The Lowdown on California’s Proposition 68

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Editor's note on June 6, 2018:

Proposition 68—the $4.1 billion bond measure to fund state and local parks, environmental projects, water infrastructure projects and flood protection projects throughout California—passed in the state primary election yesterday. Read our previous coverage below to learn more about how passage of the bill will impact residents of and travelers to the state.


On June 5, California residents will vote on Proposition 68, a $4.1 billion bond measure that, if approved, would fund environmental and restoration initiatives, and water infrastructure and flood protection projects across the state. In addition, the proposal sets aside $1.3 billion for rehabilitating and creating state and local parks.

Proponents of Proposition 68 view it as a sound investment in the state’s water, parks and natural resources. Organizations like the Outdoor Industry Association are calling it a landmark measure for how it would address environmental concerns while improving access to recreation, particularly for low-income communities. Opponents worry about the state taking on too much debt; some suggest that the funds could be more wisely invested elsewhere.

I sat down with Scott Ammons, outdoor programs and outreach manager for REI in Southern California, and Marc Berejka, director of government and community affairs for REI, to learn more about the impact Prop 68 could have.

What is Proposition 68 and why is it significant for residents and nonresidents of California?

Scott: Proposition 68 [would authorize the sale of] $4.1 billion in general obligation bonds to provide money for water security, parks and natural resources. It does things like ensuring clean drinking water, preparing for the next drought, preparing for climate change, allowing more efficient use of water, providing safe parks for every child—and all of our residents—and promoting recreation and tourism.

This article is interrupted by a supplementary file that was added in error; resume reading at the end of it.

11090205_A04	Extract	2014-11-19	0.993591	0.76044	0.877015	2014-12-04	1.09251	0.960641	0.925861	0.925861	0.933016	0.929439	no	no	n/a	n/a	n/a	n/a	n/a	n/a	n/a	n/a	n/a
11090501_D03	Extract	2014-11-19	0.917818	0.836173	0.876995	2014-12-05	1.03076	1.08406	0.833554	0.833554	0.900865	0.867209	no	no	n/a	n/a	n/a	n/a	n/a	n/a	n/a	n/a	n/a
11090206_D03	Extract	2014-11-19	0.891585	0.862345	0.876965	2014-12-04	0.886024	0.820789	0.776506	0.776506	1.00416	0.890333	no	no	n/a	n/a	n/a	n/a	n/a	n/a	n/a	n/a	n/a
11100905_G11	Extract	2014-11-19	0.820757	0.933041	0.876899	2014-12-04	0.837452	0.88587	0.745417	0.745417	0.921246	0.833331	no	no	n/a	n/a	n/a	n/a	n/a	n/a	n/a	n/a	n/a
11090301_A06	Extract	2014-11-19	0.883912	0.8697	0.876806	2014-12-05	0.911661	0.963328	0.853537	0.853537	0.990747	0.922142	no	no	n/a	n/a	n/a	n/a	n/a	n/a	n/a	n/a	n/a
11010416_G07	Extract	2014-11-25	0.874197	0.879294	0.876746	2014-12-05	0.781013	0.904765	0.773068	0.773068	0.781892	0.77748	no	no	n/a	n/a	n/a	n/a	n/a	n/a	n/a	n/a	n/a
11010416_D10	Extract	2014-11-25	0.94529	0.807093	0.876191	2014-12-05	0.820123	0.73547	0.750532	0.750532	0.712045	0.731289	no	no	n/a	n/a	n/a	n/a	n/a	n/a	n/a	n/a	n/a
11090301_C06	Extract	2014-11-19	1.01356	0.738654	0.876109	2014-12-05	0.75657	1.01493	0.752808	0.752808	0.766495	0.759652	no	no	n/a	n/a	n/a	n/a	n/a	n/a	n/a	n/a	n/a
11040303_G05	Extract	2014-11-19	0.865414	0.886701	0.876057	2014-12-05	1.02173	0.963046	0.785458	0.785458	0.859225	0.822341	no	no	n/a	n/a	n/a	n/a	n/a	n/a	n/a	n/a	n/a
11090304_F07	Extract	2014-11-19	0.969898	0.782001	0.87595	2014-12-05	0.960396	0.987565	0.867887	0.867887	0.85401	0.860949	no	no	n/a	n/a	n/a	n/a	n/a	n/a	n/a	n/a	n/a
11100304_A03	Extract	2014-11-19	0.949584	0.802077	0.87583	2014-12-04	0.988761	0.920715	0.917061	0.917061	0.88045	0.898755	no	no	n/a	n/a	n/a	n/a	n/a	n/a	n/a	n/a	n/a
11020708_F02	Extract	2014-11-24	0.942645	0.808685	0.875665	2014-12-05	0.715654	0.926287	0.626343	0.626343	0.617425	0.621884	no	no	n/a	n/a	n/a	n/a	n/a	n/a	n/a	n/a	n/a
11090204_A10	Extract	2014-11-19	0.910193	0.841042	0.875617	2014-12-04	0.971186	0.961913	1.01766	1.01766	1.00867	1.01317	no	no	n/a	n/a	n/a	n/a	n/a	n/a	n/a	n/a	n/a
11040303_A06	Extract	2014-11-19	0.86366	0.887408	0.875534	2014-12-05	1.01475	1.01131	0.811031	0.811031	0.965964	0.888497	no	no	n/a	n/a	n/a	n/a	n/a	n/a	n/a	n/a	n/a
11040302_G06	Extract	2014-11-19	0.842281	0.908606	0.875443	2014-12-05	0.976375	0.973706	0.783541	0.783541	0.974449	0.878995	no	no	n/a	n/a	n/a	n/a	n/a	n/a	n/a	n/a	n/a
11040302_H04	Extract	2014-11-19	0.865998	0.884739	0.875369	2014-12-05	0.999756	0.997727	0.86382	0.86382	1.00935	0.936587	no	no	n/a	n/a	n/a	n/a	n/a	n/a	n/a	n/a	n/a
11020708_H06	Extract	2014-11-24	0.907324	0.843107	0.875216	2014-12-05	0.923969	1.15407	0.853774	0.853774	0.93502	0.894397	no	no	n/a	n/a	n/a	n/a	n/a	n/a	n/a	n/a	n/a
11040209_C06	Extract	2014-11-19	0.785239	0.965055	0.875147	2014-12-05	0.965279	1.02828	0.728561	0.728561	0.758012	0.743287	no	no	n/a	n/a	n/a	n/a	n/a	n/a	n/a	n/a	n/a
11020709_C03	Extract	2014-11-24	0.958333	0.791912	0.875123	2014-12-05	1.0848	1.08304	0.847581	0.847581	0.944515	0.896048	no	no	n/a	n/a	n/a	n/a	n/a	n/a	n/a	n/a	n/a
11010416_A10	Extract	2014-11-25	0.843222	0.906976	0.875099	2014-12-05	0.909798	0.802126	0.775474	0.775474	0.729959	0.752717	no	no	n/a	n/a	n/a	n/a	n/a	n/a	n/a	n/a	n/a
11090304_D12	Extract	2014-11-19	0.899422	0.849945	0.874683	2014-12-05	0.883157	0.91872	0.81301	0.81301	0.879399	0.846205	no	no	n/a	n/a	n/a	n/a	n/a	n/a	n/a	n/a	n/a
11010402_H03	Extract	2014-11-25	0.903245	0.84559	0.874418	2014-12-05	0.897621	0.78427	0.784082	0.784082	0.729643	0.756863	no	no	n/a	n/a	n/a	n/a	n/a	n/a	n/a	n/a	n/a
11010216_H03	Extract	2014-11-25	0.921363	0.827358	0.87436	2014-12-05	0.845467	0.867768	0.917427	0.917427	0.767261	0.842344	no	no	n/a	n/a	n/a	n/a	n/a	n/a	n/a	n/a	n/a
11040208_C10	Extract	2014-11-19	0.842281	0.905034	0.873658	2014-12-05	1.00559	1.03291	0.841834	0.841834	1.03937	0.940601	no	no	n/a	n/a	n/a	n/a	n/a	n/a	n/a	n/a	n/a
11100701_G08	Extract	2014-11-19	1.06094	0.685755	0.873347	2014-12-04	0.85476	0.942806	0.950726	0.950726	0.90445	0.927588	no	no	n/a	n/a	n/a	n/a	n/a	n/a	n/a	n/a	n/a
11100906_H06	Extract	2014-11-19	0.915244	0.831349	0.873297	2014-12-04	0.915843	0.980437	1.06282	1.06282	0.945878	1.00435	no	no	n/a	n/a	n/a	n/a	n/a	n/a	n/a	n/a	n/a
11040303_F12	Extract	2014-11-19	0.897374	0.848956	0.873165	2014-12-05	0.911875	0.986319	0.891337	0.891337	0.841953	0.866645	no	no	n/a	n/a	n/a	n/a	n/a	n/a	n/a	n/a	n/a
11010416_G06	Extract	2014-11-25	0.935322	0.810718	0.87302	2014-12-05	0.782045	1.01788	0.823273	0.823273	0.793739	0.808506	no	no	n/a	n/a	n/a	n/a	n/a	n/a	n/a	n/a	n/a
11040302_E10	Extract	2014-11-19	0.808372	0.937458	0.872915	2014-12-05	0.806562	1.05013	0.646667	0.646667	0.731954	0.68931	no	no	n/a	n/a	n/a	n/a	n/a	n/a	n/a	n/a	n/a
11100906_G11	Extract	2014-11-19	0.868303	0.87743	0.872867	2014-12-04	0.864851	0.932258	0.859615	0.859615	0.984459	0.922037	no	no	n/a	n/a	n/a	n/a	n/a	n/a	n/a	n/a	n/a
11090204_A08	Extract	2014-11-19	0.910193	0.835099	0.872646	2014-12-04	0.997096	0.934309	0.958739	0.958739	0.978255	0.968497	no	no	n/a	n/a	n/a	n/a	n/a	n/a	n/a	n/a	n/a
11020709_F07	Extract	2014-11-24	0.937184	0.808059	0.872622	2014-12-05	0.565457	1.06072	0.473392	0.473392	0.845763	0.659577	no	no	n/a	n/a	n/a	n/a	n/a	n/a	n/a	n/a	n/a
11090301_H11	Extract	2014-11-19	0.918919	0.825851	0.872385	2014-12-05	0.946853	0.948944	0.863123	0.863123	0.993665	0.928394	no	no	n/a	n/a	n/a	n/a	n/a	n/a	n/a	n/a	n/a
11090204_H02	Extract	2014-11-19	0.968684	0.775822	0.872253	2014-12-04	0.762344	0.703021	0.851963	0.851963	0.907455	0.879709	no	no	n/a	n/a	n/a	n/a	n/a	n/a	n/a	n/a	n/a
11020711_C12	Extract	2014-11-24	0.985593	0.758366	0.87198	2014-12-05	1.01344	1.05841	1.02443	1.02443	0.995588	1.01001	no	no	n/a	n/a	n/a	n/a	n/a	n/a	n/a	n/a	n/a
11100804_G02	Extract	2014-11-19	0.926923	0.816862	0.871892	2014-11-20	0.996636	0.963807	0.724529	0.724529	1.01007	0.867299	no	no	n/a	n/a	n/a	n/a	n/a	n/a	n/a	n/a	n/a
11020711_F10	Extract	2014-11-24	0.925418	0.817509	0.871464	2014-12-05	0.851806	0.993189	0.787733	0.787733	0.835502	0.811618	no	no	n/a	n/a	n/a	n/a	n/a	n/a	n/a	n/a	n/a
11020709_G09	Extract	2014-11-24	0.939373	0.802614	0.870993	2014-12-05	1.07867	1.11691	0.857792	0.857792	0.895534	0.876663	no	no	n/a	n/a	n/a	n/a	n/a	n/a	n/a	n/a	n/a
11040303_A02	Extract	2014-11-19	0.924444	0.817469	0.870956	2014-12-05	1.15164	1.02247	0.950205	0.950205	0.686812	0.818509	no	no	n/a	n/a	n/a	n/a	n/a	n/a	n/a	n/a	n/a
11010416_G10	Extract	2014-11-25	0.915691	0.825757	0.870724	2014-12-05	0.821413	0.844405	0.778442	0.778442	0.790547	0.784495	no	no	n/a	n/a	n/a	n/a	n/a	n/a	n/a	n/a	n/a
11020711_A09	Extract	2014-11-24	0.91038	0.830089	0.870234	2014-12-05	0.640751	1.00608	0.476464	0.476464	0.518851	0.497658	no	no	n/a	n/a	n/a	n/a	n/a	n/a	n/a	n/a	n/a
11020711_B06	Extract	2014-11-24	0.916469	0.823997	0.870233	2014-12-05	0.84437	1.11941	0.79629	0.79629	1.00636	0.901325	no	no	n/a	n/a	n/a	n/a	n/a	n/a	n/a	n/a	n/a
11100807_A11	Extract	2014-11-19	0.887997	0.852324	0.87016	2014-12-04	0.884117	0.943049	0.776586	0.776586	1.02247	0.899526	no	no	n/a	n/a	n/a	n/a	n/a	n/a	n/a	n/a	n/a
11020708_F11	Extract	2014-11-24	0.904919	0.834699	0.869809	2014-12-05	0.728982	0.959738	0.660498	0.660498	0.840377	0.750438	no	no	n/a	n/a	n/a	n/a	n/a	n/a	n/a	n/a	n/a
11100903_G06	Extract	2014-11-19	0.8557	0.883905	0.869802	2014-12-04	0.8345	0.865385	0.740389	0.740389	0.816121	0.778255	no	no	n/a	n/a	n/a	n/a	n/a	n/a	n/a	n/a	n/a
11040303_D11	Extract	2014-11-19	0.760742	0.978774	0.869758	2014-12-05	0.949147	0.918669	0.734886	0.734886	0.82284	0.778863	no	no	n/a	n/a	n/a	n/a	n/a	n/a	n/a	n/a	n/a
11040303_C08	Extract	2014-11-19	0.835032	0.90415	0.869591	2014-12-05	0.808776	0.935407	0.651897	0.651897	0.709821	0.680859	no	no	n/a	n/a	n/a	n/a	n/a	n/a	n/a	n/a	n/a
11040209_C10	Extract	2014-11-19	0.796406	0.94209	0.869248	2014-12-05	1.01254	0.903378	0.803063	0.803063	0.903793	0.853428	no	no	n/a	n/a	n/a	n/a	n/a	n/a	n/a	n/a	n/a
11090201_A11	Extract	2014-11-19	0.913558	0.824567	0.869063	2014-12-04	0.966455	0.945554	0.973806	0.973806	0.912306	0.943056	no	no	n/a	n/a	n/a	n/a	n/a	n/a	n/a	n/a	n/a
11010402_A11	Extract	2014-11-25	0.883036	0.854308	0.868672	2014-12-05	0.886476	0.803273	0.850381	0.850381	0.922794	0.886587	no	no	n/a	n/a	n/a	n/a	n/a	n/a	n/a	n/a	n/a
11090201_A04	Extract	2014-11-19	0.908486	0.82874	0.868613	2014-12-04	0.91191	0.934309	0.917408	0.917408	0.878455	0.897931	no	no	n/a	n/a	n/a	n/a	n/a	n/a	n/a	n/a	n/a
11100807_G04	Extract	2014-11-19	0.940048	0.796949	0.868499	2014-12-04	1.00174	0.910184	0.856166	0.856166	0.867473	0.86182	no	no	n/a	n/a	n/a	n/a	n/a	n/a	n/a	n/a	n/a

General obligation bonds (sometimes called GO bonds) use state or local funding to pay for projects up-front; the state or local government then pays them off over time with tax revenue. What is the potential financial cost to the state?

Scott: A bond sale requires interest payments over several years, but [California] would remain within the guidelines for prudent financing. The state would continue to spend 6 percent or less of any general fund on total interest payments for all bonds—which is to say that we are in a good place. There isn’t a strong argument to say that California doesn’t have the resources to do this.

It’s been said that the proposition would prioritize low-income communities where parks are often in need of upkeep or where there is a shortage of public parks. If Proposition 68 passes, what changes are we likely to see in low-income areas?

Scott: For large portions of California—both rural and urban—there is a real lack of access to parks and open spaces. My home is greater Los Angeles, where a majority of residents cannot take a 10-minute walk from home and reach a local park or open space. We know parks produce important social and community benefits—they make neighborhoods more livable and create opportunities for recreation like walking, biking, connecting with nature. It can really boost the quality of life to have access to open spaces, green spaces or parks in your local community. That’s one of the best things that this bond does—it actually allocates nearly 18 percent of the funds to building or revitalizing parks in park-poor communities.

“That’s one of the best things that this bond does—it actually allocates nearly 18 percent of the funds to building or revitalizing parks in park-poor communities.” – Scott Ammons, outdoor programs and outreach manager for REI in Southern California 

Beyond funding parks, how would the measure support water projects and protect other state resources?